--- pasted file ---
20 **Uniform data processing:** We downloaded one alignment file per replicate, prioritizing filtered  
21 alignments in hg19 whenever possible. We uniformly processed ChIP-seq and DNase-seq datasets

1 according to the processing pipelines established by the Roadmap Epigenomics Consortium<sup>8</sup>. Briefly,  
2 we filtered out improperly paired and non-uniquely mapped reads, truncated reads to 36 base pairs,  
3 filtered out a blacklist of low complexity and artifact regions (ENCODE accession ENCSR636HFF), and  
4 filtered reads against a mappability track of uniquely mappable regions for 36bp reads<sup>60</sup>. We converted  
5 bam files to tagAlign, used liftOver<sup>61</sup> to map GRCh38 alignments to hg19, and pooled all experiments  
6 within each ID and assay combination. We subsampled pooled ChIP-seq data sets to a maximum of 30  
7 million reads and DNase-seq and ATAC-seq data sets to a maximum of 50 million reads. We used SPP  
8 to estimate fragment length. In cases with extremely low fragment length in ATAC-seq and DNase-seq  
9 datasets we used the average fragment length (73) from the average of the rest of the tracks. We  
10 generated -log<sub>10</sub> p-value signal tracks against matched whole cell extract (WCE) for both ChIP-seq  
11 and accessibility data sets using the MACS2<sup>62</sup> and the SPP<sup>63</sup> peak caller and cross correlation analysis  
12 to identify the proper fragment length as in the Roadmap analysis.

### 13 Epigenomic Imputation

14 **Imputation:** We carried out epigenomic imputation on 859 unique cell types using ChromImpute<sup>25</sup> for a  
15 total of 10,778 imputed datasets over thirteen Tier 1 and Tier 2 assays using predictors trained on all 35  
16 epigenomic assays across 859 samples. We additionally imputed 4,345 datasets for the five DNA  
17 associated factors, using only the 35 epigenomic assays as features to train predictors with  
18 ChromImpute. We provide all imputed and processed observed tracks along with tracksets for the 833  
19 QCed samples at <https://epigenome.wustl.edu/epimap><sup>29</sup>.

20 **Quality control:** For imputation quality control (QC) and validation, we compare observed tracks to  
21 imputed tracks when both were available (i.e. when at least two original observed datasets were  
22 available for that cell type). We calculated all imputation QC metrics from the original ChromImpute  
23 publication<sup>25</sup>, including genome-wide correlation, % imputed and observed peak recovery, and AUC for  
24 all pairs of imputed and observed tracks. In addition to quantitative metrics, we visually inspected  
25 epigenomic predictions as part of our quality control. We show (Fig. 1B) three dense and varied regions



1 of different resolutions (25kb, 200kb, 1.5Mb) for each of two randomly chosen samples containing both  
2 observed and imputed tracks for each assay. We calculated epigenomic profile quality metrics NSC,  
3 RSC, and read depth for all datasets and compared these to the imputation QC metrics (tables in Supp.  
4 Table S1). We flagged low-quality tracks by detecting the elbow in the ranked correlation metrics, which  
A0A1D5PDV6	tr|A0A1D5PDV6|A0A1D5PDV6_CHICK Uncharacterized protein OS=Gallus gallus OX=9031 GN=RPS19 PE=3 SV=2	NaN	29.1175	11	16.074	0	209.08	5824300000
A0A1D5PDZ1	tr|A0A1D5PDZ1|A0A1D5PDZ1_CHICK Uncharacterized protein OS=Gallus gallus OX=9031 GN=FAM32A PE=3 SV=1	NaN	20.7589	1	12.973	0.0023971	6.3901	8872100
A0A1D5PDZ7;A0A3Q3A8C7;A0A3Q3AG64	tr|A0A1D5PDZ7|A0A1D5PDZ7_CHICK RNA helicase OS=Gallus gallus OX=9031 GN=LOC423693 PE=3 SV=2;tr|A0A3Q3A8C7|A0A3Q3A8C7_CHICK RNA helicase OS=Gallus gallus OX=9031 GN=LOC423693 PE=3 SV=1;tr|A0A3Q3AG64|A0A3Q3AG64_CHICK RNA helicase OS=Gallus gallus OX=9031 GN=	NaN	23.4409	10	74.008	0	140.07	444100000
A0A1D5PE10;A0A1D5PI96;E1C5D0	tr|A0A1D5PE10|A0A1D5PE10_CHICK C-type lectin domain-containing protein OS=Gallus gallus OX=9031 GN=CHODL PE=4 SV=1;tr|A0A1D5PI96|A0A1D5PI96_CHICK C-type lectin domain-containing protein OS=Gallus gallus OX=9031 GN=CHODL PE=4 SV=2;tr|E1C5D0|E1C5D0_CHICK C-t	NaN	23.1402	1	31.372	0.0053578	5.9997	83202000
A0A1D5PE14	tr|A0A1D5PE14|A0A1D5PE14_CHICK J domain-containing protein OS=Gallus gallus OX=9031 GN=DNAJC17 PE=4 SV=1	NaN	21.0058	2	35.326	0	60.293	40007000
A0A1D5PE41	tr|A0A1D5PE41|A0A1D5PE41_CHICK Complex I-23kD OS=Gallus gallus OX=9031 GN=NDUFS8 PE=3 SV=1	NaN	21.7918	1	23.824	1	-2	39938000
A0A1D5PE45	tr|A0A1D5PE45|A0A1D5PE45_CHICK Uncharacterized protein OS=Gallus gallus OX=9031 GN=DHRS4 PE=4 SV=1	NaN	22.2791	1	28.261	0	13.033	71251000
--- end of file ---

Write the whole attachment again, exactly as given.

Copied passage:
20 **Uniform data processing:** We downloaded one alignment file per replicate, prioritizing filtered  
21 alignments in hg19 whenever possible. We uniformly processed ChIP-seq and DNase-seq datasets

1 according to the processing pipelines established by the Roadmap Epigenomics Consortium<sup>8</sup>. Briefly,  
2 we filtered out improperly paired and non-uniquely mapped reads, truncated reads to 36 base pairs,  
3 filtered out a blacklist of low complexity and artifact regions (ENCODE accession ENCSR636HFF), and  
4 filtered reads against a mappability track of uniquely mappable regions for 36bp reads<sup>60</sup>. We converted  
5 bam files to tagAlign, used liftOver<sup>61</sup> to map GRCh38 alignments to hg19, and pooled all experiments  
6 within each ID and assay combination. We subsampled pooled ChIP-seq data sets to a maximum of 30  
7 million reads and DNase-seq and ATAC-seq data sets to a maximum of 50 million reads. We used SPP  
8 to estimate fragment length. In cases with extremely low fragment length in ATAC-seq and DNase-seq  
9 datasets we used the average fragment length (73) from the average of the rest of the tracks. We  
10 generated -log<sub>10</sub> p-value signal tracks against matched whole cell extract (WCE) for both ChIP-seq  
11 and accessibility data sets using the MACS2<sup>62</sup> and the SPP<sup>63</sup> peak caller and cross correlation analysis  
12 to identify the proper fragment length as in the Roadmap analysis.

### 13 Epigenomic Imputation

14 **Imputation:** We carried out epigenomic imputation on 859 unique cell types using ChromImpute<sup>25</sup> for a  
15 total of 10,778 imputed datasets over thirteen Tier 1 and Tier 2 assays using predictors trained on all 35  
16 epigenomic assays across 859 samples. We additionally imputed 4,345 datasets for the five DNA  
17 associated factors, using only the 35 epigenomic assays as features to train predictors with  
18 ChromImpute. We provide all imputed and processed observed tracks along with tracksets for the 833  
19 QCed samples at <https://epigenome.wustl.edu/epimap><sup>29</sup>.

20 **Quality control:** For imputation quality control (QC) and validation, we compare observed tracks to  
21 imputed tracks when both were available (i.e. when at least two original observed datasets were  
22 available for that cell type). We calculated all imputation QC metrics from the original ChromImpute  
23 publication<sup>25</sup>, including genome-wide correlation, % imputed and observed peak recovery, and AUC for  
24 all pairs of imputed and observed tracks. In addition to quantitative metrics, we visually inspected  
25 epigenomic predictions as part of our quality control. We show (Fig. 1B) three dense and varied regions



1 of different resolutions (25kb, 200kb, 1.5Mb) for each of two randomly chosen samples containing both  
2 observed and imputed tracks for each assay. We calculated epigenomic profile quality metrics NSC,  
3 RSC, and read depth for all datasets and compared these to the imputation QC metrics (tables in Supp.  
4 Table S1). We flagged low-quality tracks by detecting the elbow in the ranked correlation metrics, which  
A0A1D5PDV6	tr|A0A1D5PDV6|A0A1D5PDV6_CHICK Uncharacterized protein OS=Gallus gallus OX=9031 GN=RPS19 PE=3 SV=2	NaN	29.1175	11	16.074	0	209.08	5824300000
A0A1D5PDZ1	tr|A0A1D5PDZ1|A0A1D5PDZ1_CHICK Uncharacterized protein OS=Gallus gallus OX=9031 GN=FAM32A PE=3 SV=1	NaN	20.7589	1	12.973	0.0023971	6.3901	8872100
A0A1D5PDZ7;A0A3Q3A8C7;A0A3Q3AG64	tr|A0A1D5PDZ7|A0A1D5PDZ7_CHICK RNA helicase OS=Gallus gallus OX=9031 GN=LOC423693 PE=3 SV=2;tr|A0A3Q3A8C7|A0A3Q3A8C7_CHICK RNA helicase OS=Gallus gallus OX=9031 GN=LOC423693 PE=3 SV=1;tr|A0A3Q3AG64|A0A3Q3AG64_CHICK RNA helicase OS=Gallus gallus OX=9031 GN=	NaN	23.4409	10	74.008	0	140.07	444100000
A0A1D5PE10;A0A1D5PI96;E1C5D0	tr|A0A1D5PE10|A0A1D5PE10_CHICK C-type lectin domain-containing protein OS=Gallus gallus OX=9031 GN=CHODL PE=4 SV=1;tr|A0A1D5PI96|A0A1D5PI96_CHICK C-type lectin domain-containing protein OS=Gallus gallus OX=9031 GN=CHODL PE=4 SV=2;tr|E1C5D0|E1C5D0_CHICK C-t	NaN	23.1402	1	31.372	0.0053578	5.9997	83202000
A0A1D5PE14	tr|A0A1D5PE14|A0A1D5PE14_CHICK J domain-containing protein OS=Gallus gallus OX=9031 GN=DNAJC17 PE=4 SV=1	NaN	21.0058	2	35.326	0	60.293	40007000
A0A1D5PE41	tr|A0A1D5PE41|A0A1D5PE41_CHICK Complex I-23kD OS=Gallus gallus OX=9031 GN=NDUFS8 PE=3 SV=1	NaN	21.7918	1	23.824	1	-2	39938000
A0A1D5PE45	tr|A0A1D5PE45|A0A1D5PE45_CHICK Uncharacterized protein OS=Gallus gallus OX=9031 GN=DHRS4 PE=4 SV=1	NaN	22.2791	1	28.261	0	13.033	71251000